Why: First off, let me say this; Christian Bale should’ve won for The Fighter, just not in the Best Supporting Actor category. Bale got a deserved win, but snubbed in the process was Andrew Garfield’s work in The Social Network. Bale and Mark Wahlberg should’ve been considered co-leads as they share nearly equal screen time. Garfield was brilliant in The Social Network and should’ve won the award let alone at least been nominated. Category fraud is an issue, and still is, just look at this years Oscars. *Cough* Alicia Vikander *Cough*.

The Year: 1997
The Offense: Titanic Wins Best Picture over Good Will Hunting, L.A. Confidential
Why: I probably just opened Pandora’s Box here, but I digress. I didn’t care for Titanic. The fact it beat out two fantastic films like Good Will Hunting and even L.A. Confidential is highway robbery. Good Will Hunting is such an exceptional film filled with fantastic performances and an Oscar winning script. Even L.A. Confidential was more deserving in my opinion and my favorite Russell Crowe movie. Titanic is too melodramatic and overly long winded. The Academy should’ve gone for a more subtle, human story like Good Will Hunting. Sorry Titanic fans, the movie is a supremely undeserving Best Picture winner.

The Year: 2003
The Offense: The Lord of the Rings: The Return of the King wins Best Picture over Mystic River
Why: I love The Lord of the RingsThe Return of the King is far and away the best of the trilogy. But, Mystic River is the better film and should’ve been the rightful winner. Sean Penn and Tim Robbins both won oscars for their roles in the film and it is based on one of my favorite books of all time. It is such a harrowing story and really great acted drama. Phenomenally directed by Clint Eastwood, Mystic River is simply just a far superior film The Return of the King. Was I mad it won? Absolutely not. But if it’s about the best film, the best film didn’t win that year.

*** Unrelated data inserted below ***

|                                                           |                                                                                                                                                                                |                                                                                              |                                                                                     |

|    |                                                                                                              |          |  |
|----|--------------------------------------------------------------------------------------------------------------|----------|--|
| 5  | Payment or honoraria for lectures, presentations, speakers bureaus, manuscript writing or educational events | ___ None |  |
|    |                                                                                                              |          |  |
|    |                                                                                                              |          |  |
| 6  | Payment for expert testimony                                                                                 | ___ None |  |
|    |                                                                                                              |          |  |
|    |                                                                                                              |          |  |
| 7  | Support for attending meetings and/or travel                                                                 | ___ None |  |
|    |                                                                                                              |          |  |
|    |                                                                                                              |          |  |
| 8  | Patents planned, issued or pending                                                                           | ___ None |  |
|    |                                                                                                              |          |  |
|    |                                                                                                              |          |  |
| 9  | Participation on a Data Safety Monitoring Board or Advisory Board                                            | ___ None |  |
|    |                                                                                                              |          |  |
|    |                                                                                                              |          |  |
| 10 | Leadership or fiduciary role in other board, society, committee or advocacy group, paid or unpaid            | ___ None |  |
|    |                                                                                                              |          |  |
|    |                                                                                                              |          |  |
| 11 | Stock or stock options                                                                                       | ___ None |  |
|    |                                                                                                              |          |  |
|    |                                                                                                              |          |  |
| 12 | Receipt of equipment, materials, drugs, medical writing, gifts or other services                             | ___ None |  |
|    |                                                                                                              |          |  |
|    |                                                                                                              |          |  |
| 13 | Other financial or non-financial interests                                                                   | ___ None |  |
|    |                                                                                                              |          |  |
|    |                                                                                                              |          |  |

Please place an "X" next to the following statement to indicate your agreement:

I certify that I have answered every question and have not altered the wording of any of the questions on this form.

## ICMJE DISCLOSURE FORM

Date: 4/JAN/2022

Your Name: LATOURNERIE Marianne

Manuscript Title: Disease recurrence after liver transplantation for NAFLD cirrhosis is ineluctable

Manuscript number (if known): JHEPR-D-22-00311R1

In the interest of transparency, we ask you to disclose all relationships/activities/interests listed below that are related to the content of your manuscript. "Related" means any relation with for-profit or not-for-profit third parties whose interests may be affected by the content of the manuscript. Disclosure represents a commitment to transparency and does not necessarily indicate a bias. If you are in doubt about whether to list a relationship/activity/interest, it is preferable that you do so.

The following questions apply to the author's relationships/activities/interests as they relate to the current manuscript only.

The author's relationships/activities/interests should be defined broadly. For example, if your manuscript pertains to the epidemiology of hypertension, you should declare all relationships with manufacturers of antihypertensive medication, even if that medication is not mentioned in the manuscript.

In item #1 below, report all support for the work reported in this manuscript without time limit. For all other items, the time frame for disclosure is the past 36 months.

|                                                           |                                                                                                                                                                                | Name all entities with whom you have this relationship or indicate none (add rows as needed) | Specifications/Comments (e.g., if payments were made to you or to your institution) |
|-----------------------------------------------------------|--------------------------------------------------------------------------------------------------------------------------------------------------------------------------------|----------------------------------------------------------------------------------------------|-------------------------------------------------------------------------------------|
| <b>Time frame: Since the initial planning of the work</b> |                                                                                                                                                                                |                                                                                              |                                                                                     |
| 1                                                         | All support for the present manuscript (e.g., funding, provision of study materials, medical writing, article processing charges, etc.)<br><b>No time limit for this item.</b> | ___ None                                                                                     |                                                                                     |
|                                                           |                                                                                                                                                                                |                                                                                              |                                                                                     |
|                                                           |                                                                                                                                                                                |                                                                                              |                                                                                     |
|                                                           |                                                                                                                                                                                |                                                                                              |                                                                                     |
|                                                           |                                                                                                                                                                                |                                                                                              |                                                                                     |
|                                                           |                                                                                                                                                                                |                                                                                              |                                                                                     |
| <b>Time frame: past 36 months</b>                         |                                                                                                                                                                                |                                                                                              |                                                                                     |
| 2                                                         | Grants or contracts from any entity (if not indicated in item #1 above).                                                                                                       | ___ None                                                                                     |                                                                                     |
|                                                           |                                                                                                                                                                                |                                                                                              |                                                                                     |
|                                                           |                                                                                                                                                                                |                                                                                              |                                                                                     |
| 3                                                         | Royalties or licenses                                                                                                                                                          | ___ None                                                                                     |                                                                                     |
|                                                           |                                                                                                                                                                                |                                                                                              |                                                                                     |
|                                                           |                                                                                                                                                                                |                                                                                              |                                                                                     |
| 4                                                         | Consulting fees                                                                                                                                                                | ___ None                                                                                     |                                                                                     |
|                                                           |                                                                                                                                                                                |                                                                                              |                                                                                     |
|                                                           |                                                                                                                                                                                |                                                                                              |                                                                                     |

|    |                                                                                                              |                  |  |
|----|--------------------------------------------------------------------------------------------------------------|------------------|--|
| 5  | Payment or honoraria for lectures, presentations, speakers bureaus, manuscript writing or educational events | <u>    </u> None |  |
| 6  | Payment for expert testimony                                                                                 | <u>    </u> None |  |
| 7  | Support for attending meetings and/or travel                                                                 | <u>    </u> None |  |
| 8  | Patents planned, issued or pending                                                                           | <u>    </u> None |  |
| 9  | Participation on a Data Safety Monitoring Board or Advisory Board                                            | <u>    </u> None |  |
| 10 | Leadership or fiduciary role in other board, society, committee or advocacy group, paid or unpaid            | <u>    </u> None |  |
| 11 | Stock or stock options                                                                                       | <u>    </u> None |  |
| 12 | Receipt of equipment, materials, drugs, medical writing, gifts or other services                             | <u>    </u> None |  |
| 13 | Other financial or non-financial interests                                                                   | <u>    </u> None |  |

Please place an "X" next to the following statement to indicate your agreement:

The Year: 2005
The Offense: Crash wins best picture over literally anything else.
Why: Crash is a film that isn’t very memorable. If you asked someone if they’ve seen the film, your most likely to hear, “what?”. Literally every nominee for Best Picture that year was leaps and bounds better than Crash. My pick would’ve been Good Night, And Good Luck. However, it is hard to argue with Brokeback Mountain, Capote or Munich. All would’ve been worthy. Crash will go down as maybe the most forgettable film ever to win Best Picture.